Literally translating as the “blood of Jove," a reference to the Ancient Roman god, Jupiter, Sangiovese is a popular thin-skinned grape varietal common throughout Tuscany and in productions of Chianti and Brunello di Montalcino. This wine is one of my favorites and if you haven’t had a sip I’m sure you’ll soon agree.
Located about two hours south of Florence, the southern Tuscany region of Brunello di Montalcino was initially established by Ferruccio Biondi-Santi (name sound familiar? We’ll get to that in a moment) in the 1870s.
Covering an area of about 3,000 acres and about 1,800 feet above sea level, the sloping hills that make up the region’s terrain are also what make its grape growing some of the most spectacular. In this region the primary grapes grown are Sangiovese and primarily red productions created. Because of its southern positioning, grapes ripen effectively and harness the clay and limestone soils found in the region, and the Monte Amiata to the southeast allow for protection from intense storms and hail which could damage the grapes during cultivation. Great care is taken during production as the southern climate that makes these grapes flavorful and robust also can cause them to be easily sunburnt and harm the flavor profiles in the final wine.
Brunello di Montalcino wines can fetch high prices at wine auctions and that isn’t without unjust cause. Because their acreage covers a relatively small area, a smaller quantity is produced and with Brunello di Montalcino wines, strict aging requirements must be adhered to before they are ready for consumption.
For Brunello wines, Italian wine law dictates that the wines must be aged for two years in oak and a total of five years. For Riserva classified wines, they must be aged for at least two years in oak and a total of six years before they are released for consumption. Aged in traditionally Slavonian oak barrels, this imparts flavors of leather and dried fruits on the already tannic Sangiovese grape allowing the wines to age elegantly in the bottle for many years in cellars and develop astute complexities. These are some great wines to hold onto for many years before enjoying! I recommend buying at least four bottles of any Brunello you enjoy, this way you can taste the wine as it continues to evolve and you’ll have a very special surprise every five years or so.
Tasting “new” vs. aged Brunello you will most certainly notice the profound differences, much like people. Younger Brunellos pack a punch and are filled with sassy and bold fresh fruit flavors of blackberry, cherry, raspberry, violet and espresso. As the wines continue to age, they develop additional layers of complexity and their harsh tannins begin to ease in your glass to reveal more dried fruits, leather, hazelnut, dried floral, and spice. As these wines continue to age you will also notice the difference in color in your glass, from bright ruby purple hues to that of an orange red color.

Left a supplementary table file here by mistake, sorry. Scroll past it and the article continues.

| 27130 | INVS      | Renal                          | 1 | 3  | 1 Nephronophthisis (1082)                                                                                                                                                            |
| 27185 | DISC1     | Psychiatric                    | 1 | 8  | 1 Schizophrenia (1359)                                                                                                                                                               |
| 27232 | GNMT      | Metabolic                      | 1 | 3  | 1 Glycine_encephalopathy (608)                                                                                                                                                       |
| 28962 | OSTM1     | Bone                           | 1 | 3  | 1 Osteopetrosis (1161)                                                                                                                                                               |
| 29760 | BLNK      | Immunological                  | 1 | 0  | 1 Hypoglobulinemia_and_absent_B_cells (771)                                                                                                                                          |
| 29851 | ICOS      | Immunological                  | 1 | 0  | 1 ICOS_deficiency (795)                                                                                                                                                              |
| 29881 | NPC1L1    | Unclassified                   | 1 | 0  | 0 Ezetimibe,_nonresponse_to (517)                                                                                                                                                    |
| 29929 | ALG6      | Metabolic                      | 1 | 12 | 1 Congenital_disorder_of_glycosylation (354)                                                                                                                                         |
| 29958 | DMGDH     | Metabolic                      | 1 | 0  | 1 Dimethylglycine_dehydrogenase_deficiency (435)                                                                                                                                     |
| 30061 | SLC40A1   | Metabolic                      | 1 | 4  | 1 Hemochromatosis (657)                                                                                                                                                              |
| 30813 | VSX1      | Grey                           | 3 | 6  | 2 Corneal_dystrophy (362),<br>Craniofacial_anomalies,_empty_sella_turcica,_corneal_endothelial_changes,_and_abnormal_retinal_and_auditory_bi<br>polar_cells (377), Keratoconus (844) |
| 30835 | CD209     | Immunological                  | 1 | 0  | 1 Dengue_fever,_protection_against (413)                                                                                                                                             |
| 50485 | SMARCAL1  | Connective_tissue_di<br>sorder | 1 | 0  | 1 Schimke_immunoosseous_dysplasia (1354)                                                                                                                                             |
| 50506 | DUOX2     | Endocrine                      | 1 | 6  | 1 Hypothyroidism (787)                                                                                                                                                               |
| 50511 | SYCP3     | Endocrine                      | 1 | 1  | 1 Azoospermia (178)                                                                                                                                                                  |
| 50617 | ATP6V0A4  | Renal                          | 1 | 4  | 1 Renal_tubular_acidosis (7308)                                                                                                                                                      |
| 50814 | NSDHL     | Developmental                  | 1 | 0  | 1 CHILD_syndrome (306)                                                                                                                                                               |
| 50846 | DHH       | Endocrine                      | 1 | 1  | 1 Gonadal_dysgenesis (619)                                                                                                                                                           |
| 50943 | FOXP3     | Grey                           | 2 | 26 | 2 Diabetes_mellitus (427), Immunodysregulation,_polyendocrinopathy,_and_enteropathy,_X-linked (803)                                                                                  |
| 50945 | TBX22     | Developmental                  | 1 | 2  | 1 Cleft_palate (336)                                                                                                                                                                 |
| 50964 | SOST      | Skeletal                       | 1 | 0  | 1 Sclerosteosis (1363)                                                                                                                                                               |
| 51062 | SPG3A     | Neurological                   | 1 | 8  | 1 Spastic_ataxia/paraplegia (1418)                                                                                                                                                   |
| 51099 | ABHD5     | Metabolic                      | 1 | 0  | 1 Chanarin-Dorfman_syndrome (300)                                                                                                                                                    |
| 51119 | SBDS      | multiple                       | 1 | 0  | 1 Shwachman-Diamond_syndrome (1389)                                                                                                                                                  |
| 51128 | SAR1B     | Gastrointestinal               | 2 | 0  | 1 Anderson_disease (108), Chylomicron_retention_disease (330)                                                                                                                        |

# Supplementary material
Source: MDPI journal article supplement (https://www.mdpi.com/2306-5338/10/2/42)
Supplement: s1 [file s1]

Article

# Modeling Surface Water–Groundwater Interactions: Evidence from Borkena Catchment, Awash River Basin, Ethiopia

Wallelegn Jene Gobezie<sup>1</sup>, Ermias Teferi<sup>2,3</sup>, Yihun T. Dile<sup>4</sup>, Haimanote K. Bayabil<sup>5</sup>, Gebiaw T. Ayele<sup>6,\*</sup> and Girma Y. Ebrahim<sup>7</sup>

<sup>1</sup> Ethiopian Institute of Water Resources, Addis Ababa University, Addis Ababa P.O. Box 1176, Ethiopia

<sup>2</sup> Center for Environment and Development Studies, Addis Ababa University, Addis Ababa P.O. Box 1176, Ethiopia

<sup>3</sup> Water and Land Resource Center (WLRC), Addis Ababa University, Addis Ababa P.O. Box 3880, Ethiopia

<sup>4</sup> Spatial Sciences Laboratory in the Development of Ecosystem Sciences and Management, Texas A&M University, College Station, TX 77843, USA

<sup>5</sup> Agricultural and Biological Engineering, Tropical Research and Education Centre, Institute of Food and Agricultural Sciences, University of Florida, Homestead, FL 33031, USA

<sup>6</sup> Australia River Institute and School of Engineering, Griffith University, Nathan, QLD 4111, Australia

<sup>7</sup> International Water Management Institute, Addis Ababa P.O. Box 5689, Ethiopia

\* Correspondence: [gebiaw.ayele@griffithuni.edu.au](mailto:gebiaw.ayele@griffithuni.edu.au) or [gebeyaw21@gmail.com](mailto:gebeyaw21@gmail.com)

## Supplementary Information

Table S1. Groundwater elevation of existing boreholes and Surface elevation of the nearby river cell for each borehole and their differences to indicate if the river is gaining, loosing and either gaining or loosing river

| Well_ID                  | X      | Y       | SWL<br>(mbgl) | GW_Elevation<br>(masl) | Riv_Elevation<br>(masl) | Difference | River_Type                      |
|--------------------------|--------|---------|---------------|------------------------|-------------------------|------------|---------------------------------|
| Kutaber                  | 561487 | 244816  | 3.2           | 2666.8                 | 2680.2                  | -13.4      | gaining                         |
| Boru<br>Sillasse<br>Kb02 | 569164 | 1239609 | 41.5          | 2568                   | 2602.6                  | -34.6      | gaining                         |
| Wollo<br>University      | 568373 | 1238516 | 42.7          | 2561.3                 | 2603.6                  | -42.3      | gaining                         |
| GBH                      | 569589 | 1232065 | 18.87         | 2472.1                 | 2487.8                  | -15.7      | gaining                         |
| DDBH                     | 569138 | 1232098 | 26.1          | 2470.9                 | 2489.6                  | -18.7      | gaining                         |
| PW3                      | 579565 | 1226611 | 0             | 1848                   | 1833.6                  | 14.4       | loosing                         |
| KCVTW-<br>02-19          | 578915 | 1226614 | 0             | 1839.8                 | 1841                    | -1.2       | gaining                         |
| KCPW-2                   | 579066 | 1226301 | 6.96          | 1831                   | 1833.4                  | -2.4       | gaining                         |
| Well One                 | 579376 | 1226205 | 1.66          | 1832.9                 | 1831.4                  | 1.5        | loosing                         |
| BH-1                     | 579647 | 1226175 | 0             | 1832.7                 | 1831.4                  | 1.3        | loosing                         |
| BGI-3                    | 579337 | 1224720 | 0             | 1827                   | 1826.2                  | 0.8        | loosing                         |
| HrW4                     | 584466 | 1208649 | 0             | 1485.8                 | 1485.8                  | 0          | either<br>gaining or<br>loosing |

Most commonly with Brunello di Montalcino wines, I recommend holding on these for 10-20 years before enjoying or finding a great wine auction with some older vintages on-hand.
Food pairing with Brunello wines is fun and exciting as there are so many nuances within the wine that can be highlighted, complemented or showcased. Aged Brunello wines will boast earthy, undertones and can pair wonderfully with wild mushrooms, porcini, or morels. Try adding to your favorite savory risotto with milder bleu cheeses like Gorgonzola and you’ll be in love. While it may seem obvious, tomato-based dishes also do a great job complementing the fruit-forward qualities of young Brunello di Montalcino. Look for something like roast leg of lamb finished with rich and savory tomato sauce, garlic, anchovy, and olives or Tuscan-style steak with rosemary and herbs. Also, with a modest, yet hearty Minestrone and Brunello, can’t go wrong.
In the market from some great Brunello? Keep your eyes out for the following producers among others:
- Biondi Santi Brunello di Montalcino ($200+)
- Il Poggione ($125)
- Poggio Antico ($65)
- Banfi ($60-$70)
- Silvio Nardi ($130)
- Fattoria le Pupille ($30)
- Col D’Orcia ($50)
Note: Price can vary tremendously based on vintage. Older, better vintages from these producers can double and sometimes triple the price.
Carson Bodnarek, a self-proclaimed “cork dork”, is a certificate recipient from the Court of Master Sommeliers, WSET Level II and is currently studying for his certified sommelier exam. Always on the hunt for his next great bottle of wine for his collection, he is an avid jetsetter and devout foodie. After moving to Quad-Cities from Iowa City in 2013, Carson now resides in Bettendorf.
Contact Carson Bodnarek at 563-383-2299 or firstname.lastname@example.org.
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